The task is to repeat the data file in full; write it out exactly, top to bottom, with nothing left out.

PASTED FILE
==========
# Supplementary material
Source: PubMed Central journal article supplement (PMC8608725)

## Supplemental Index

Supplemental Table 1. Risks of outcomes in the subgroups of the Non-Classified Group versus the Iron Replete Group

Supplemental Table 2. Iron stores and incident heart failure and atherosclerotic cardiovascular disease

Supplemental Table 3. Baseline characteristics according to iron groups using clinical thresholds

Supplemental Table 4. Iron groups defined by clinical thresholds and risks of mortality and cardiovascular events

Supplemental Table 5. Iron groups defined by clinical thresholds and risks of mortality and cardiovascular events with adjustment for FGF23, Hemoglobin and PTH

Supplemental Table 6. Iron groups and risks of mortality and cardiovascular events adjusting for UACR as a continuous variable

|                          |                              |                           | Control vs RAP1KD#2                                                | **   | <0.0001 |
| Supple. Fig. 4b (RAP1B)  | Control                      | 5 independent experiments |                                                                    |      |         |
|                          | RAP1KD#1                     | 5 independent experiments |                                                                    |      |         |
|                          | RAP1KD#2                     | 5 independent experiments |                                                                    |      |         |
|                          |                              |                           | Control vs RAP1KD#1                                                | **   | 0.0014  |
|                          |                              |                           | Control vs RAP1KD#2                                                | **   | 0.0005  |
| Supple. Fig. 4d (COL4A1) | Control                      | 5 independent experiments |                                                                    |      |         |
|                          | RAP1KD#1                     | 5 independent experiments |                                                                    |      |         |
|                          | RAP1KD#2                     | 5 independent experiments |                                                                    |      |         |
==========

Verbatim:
# Supplementary material
Source: PubMed Central journal article supplement (PMC8608725)

## Supplemental Index

Supplemental Table 1. Risks of outcomes in the subgroups of the Non-Classified Group versus the Iron Replete Group

Supplemental Table 2. Iron stores and incident heart failure and atherosclerotic cardiovascular disease

Supplemental Table 3. Baseline characteristics according to iron groups using clinical thresholds

Supplemental Table 4. Iron groups defined by clinical thresholds and risks of mortality and cardiovascular events

Supplemental Table 5. Iron groups defined by clinical thresholds and risks of mortality and cardiovascular events with adjustment for FGF23, Hemoglobin and PTH

Supplemental Table 6. Iron groups and risks of mortality and cardiovascular events adjusting for UACR as a continuous variable

|                          |                              |                           | Control vs RAP1KD#2                                                | **   | <0.0001 |
| Supple. Fig. 4b (RAP1B)  | Control                      | 5 independent experiments |                                                                    |      |         |
|                          | RAP1KD#1                     | 5 independent experiments |                                                                    |      |         |
|                          | RAP1KD#2                     | 5 independent experiments |                                                                    |      |         |
|                          |                              |                           | Control vs RAP1KD#1                                                | **   | 0.0014  |
|                          |                              |                           | Control vs RAP1KD#2                                                | **   | 0.0005  |
| Supple. Fig. 4d (COL4A1) | Control                      | 5 independent experiments |                                                                    |      |         |
|                          | RAP1KD#1                     | 5 independent experiments |                                                                    |      |         |
|                          | RAP1KD#2                     | 5 independent experiments |                                                                    |      |         |